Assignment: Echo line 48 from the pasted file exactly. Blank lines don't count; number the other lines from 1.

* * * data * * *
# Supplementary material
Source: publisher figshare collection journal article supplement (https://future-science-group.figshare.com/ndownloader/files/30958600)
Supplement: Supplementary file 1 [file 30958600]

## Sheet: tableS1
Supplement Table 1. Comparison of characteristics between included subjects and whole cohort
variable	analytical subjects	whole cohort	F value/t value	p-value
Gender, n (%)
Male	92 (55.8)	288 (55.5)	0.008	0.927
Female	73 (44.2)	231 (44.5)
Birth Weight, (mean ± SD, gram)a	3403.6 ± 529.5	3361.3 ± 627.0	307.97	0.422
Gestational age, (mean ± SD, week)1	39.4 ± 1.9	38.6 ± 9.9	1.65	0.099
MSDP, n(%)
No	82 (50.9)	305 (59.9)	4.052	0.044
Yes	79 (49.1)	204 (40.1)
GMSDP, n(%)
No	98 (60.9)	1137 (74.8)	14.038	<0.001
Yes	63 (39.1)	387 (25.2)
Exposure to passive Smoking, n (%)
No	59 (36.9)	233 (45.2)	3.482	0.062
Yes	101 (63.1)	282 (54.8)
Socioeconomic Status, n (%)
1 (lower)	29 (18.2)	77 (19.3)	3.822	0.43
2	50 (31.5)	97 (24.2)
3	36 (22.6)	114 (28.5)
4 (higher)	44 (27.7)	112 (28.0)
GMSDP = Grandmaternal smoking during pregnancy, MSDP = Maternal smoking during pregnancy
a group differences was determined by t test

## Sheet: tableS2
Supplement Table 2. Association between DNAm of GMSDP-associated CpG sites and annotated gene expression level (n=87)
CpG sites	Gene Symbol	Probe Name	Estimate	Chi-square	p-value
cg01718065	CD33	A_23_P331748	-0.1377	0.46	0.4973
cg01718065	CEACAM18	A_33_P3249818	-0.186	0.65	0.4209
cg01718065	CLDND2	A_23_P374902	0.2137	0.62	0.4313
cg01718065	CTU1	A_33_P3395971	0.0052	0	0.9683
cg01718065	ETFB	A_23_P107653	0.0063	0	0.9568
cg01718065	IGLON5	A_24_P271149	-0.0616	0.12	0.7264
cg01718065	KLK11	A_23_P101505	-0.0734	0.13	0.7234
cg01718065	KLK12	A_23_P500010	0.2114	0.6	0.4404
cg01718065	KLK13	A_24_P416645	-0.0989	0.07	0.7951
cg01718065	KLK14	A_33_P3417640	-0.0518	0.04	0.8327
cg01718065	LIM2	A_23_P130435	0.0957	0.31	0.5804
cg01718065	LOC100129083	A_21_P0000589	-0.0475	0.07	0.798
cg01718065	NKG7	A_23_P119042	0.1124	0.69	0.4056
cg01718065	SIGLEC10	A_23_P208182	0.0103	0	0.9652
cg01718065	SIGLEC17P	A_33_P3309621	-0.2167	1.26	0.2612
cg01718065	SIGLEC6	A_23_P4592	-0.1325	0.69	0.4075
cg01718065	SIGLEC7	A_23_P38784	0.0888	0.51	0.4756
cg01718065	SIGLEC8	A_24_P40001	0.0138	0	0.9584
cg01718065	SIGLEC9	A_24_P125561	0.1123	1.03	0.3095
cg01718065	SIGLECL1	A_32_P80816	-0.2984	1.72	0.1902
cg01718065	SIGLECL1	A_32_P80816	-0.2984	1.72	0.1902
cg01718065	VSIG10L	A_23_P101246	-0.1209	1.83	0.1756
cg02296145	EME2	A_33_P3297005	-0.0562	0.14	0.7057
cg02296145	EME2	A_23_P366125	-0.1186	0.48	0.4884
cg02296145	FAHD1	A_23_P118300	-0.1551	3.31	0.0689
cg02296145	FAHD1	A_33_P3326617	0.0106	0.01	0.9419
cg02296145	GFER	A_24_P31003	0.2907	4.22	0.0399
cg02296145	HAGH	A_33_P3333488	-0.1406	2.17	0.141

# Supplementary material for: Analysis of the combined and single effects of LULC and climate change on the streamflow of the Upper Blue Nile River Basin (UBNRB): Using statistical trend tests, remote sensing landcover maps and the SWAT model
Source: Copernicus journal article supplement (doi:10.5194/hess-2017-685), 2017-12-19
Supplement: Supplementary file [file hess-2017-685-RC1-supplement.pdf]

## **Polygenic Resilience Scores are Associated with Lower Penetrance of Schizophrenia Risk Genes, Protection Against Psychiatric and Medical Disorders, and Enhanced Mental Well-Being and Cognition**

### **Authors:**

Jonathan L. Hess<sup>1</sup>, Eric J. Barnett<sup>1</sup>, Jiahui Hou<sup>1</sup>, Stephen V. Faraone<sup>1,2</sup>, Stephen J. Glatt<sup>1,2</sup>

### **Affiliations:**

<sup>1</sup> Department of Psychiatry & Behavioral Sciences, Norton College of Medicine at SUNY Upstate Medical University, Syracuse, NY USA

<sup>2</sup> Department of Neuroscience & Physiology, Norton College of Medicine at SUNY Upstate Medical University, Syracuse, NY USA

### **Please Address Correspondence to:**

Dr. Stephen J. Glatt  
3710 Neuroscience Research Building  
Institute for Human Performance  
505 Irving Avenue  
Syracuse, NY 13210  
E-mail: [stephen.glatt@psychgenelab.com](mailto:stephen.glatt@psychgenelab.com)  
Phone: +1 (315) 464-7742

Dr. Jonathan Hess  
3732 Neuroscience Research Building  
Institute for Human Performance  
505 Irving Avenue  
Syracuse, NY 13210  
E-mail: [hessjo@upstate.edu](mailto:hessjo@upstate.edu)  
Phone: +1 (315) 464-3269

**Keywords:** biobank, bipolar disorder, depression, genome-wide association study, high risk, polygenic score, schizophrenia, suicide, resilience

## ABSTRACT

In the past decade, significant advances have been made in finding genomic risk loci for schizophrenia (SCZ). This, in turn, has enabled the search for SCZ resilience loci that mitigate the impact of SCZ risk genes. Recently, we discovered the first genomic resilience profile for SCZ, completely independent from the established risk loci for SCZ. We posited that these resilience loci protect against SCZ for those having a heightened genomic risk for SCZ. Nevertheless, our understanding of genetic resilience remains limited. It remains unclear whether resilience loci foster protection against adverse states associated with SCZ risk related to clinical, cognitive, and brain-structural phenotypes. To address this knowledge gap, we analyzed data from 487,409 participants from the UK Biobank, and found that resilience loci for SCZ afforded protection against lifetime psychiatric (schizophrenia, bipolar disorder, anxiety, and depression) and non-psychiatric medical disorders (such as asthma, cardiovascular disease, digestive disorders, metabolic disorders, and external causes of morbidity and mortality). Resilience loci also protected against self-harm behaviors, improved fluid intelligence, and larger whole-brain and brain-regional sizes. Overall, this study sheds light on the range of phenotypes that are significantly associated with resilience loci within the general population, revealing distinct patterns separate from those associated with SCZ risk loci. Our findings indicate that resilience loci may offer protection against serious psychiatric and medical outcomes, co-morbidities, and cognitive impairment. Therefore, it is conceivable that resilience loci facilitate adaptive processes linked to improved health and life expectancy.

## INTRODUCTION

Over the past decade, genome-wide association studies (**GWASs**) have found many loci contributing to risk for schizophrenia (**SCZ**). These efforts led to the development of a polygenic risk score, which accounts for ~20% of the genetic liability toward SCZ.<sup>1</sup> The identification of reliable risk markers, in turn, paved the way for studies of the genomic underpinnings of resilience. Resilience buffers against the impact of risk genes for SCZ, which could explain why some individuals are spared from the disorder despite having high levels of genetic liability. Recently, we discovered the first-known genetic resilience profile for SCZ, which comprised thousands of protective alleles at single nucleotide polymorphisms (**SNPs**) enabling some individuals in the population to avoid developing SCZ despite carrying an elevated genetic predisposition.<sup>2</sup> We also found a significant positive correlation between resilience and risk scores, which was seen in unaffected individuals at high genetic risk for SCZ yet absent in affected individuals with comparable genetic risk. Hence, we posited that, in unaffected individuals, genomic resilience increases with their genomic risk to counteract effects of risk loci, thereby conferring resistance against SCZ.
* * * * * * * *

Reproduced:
cg01718065	SIGLEC8	A_24_P40001	0.0138	0	0.9584